The last time Gimenez ran for mayor was in 2012, when he sought a full term a year after winning the special election to finish the term of then-Mayor Carlos Alvarez, who was ousted in a recall. The 2012 race featured a similar dynamic as 2016: the incumbent faced only one challenger already in office, then-County Commission Chairman Joe Martinez.
Late Tuesday, Regalado was roughly matching the 31 percent Martinez captured in 2012. But Gimenez was well short of the 54 percent majority he secured in 2012. The difference so far: in 2012, the five lesser-known candidates captured 15 percent of the vote, while the five lesser-known candidates in 2016 were accounting for 20 percent of the vote.
This will be the first November run-off in a Miami-Dade mayoral contest since 2004, when Carlos Alvarez beat Jimmy Morales. Alvarez was reelected in 2008 but ousted in a 2011 recall. Gimenez took his place after winning a June run-off that year between him and former Hialeah mayor Julio Robaina. Gimenez had finished second in the nine-person primary held the month before but ended up coming from behind and beating Robaina in the run-off. Gimenez won reelection to a full, four-year term a year later against Martinez.
The 2016 mayoral race officially took shape on March 9, 2015, when Regalado submitted her papers to run. She filed before any candidate, giving her 17 months to both make her case and try to sustain the extensive media attention that accompanied her formal announcement at county election headquarters in Doral.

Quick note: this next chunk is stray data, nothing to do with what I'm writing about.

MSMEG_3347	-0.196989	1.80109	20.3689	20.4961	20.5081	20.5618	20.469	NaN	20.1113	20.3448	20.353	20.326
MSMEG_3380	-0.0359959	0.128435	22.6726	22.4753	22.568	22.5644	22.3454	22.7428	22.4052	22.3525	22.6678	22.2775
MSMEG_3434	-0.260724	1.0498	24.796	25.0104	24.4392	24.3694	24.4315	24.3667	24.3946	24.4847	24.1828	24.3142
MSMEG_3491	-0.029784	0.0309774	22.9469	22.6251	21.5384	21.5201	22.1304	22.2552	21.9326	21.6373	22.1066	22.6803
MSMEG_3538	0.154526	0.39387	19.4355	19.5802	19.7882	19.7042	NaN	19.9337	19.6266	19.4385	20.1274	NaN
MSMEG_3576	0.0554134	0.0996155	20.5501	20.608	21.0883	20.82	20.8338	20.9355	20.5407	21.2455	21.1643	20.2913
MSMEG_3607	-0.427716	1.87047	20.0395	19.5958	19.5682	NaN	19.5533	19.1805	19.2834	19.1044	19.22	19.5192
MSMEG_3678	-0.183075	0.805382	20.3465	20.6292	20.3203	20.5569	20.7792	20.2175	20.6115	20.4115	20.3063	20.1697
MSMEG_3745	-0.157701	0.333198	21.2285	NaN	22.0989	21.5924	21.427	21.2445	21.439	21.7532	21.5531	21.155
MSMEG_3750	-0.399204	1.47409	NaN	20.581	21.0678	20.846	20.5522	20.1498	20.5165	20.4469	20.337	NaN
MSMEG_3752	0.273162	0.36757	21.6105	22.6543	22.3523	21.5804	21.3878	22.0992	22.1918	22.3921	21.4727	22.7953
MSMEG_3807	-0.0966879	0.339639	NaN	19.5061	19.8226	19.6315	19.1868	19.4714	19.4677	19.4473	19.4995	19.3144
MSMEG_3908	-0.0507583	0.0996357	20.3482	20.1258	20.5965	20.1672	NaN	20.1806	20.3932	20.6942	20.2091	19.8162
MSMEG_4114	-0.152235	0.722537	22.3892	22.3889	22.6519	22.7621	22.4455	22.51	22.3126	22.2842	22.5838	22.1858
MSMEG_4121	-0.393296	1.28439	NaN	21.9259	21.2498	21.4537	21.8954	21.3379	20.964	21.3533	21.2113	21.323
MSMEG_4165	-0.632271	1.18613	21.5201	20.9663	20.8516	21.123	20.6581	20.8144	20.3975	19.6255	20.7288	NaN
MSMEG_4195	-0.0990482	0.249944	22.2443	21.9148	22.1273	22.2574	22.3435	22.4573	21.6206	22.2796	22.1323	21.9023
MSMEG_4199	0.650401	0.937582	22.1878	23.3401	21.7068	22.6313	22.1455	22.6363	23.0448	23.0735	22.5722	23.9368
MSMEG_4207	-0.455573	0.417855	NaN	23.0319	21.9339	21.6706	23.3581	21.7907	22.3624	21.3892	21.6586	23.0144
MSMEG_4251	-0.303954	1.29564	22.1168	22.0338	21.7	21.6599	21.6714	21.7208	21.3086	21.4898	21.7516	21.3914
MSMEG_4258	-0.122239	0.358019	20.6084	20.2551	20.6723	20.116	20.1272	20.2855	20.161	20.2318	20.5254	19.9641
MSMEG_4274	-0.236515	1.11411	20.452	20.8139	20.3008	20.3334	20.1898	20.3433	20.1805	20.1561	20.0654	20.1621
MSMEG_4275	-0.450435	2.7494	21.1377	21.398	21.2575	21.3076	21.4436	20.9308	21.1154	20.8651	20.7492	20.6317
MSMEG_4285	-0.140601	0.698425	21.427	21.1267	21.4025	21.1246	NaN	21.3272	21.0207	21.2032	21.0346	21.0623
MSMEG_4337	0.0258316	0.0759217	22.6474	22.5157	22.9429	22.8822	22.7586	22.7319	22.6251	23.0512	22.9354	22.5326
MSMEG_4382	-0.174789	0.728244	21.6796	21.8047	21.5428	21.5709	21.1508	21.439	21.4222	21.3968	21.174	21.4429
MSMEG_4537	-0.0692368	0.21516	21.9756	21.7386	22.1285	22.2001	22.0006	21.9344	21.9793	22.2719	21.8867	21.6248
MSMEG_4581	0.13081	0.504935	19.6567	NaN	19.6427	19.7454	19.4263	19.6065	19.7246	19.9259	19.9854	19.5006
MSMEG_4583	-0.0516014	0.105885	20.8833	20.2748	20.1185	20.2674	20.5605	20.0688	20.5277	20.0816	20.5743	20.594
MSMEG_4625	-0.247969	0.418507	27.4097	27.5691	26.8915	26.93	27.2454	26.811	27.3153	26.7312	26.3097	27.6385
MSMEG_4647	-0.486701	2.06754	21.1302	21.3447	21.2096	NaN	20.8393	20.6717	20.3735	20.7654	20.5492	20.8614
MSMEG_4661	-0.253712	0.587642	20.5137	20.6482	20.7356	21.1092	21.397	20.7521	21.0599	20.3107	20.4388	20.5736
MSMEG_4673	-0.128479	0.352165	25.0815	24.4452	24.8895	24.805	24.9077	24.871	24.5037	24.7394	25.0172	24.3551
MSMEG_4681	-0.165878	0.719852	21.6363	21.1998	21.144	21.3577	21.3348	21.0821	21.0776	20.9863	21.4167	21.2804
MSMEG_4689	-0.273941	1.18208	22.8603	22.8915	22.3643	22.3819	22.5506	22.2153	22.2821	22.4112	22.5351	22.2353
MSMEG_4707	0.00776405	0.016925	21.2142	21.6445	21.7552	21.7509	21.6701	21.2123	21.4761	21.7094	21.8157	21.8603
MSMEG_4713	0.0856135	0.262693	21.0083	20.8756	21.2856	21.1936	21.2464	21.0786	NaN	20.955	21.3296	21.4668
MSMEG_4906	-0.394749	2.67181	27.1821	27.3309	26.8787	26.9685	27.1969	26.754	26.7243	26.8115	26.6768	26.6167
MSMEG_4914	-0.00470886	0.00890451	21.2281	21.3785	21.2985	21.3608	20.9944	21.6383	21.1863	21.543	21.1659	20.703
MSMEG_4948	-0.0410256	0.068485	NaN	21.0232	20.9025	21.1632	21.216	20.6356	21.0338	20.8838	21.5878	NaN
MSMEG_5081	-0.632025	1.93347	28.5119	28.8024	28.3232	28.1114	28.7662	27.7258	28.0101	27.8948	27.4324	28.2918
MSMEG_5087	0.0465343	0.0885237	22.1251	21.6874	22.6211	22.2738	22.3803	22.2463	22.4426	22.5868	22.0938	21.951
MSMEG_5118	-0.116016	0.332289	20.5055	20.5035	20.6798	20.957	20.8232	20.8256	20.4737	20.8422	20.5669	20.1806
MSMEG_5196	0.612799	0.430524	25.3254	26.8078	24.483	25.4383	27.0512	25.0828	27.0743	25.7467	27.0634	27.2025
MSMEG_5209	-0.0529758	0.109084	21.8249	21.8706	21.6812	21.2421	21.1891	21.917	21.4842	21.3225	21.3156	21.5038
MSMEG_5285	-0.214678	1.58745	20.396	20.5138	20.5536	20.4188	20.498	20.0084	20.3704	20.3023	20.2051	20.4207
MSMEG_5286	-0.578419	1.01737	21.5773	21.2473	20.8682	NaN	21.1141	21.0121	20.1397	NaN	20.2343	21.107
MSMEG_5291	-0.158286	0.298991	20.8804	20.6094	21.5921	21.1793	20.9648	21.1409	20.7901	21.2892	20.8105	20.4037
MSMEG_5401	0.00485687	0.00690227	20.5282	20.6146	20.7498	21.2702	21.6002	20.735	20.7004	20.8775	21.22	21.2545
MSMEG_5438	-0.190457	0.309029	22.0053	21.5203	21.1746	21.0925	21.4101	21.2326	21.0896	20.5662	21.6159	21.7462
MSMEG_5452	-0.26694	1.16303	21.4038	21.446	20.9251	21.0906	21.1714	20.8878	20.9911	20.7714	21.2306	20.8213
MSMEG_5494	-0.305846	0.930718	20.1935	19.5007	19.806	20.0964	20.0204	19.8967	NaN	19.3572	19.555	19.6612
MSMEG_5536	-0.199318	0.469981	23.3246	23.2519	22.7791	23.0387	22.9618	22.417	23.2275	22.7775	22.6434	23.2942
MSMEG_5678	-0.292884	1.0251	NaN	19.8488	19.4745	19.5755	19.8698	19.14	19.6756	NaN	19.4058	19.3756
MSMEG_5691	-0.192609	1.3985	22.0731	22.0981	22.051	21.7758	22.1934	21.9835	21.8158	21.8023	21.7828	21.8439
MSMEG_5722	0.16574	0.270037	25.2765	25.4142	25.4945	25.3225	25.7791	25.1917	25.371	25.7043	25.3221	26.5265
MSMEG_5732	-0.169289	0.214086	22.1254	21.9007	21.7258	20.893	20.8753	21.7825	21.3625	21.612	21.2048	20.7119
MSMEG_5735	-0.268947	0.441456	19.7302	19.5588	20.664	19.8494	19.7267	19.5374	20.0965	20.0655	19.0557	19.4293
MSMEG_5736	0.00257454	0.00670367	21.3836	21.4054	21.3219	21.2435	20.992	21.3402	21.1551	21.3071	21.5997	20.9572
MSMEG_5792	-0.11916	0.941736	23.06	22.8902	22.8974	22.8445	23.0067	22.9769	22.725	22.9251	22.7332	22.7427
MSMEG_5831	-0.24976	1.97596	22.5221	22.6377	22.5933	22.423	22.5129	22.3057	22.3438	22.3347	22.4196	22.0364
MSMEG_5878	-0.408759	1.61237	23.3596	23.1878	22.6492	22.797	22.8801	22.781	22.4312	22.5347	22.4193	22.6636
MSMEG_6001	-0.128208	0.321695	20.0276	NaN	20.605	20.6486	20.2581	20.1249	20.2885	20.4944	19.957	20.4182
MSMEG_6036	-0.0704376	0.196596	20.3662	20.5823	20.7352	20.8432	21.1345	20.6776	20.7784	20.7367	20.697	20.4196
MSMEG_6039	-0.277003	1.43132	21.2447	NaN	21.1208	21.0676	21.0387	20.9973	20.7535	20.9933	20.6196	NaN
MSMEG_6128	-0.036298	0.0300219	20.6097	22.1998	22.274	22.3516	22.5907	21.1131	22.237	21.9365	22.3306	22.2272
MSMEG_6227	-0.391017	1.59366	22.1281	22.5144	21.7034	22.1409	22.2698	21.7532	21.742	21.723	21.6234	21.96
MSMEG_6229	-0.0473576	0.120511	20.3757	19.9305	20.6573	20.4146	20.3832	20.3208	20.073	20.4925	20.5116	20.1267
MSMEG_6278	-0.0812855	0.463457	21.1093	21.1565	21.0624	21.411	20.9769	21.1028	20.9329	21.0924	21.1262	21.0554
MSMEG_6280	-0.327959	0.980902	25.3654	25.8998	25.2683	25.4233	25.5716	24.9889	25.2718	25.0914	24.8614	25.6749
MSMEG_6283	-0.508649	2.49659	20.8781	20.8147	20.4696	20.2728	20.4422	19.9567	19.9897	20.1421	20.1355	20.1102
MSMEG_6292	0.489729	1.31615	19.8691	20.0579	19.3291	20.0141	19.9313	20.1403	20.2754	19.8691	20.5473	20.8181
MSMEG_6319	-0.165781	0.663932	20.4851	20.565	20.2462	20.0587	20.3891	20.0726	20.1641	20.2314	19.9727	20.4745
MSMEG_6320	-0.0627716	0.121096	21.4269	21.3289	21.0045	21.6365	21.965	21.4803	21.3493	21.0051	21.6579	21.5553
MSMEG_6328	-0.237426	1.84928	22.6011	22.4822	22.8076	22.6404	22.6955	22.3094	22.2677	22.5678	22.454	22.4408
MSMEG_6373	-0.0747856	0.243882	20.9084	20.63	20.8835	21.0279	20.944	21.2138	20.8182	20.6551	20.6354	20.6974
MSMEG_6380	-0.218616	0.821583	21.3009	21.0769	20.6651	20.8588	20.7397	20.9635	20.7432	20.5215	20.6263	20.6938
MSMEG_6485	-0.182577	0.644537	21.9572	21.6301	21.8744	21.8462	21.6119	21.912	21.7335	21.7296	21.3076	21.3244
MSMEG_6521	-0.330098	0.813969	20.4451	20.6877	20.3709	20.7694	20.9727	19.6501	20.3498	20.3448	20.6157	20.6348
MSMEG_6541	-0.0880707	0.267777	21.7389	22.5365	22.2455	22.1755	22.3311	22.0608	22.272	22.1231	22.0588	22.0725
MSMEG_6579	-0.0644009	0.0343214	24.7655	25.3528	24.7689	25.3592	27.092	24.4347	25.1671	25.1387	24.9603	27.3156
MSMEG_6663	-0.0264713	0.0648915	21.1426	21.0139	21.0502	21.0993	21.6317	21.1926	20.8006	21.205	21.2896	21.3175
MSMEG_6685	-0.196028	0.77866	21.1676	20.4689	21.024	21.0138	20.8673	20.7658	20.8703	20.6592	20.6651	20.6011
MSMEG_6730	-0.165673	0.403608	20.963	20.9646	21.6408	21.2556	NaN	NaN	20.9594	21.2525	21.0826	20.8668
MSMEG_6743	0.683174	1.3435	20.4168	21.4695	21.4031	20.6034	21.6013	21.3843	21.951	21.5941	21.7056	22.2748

At the time, she was riding high on two fights: The previous fall, Regalado led the opposition to a tax-hike referendum that Gimenez backed to fund a $390 million replacement to downtown’s aging, moldy courthouse. A month earlier, she and auto magnate Norman Braman filed a lawsuit to block a $9 million county subsidy Gimenez proposed for the Skyrise Miami observation tower planned for downtown’s Bayside Marketplace.
As Regalado joined the race, Gimenez and aides were preparing what would be the first budget of his tenure not defined by austerity measures. He took office in 2011 on the promise of a property-tax rate cut to undo the hike that helped drive Alvarez out of power. Gimenez won the cut and paid for it with a package of union concessions, payroll reductions and spending cuts that lingered through the county’s economic recovery.
That July, Gimenez declared Miami-Dade had “turned a corner” and unveiled a budget with a package of service expansions funded by higher property values. The theme continued a year later when Gimenez released his final, pre-election budget last month — a 2017 spending plan with a tiny tax-rate dip and a 4 percent raise for thousands of county workers. It was tied to a deal Gimenez reached with unions in 2014 that promised the 2017 compensation boost of property values exceeded his administration’s forecasts.
Polls suggested Gimenez entered the 2016 race as the front-runner but vulnerable. A May Bendixen Amandi survey for the Miami Herald and other media organizations found him ahead by 10 points among likely voters — a close enough margin that his campaign cited it when asking donors for an infusion of cash.
Fernand Amandi, a partner at the firm that conducted the poll, said that forcing Gimenez into a run-off resets the race, despite the incumbent’s double-digit lead over Regalado in Tuesday’s results.
“It means that now, anything is possible,” Amandi said.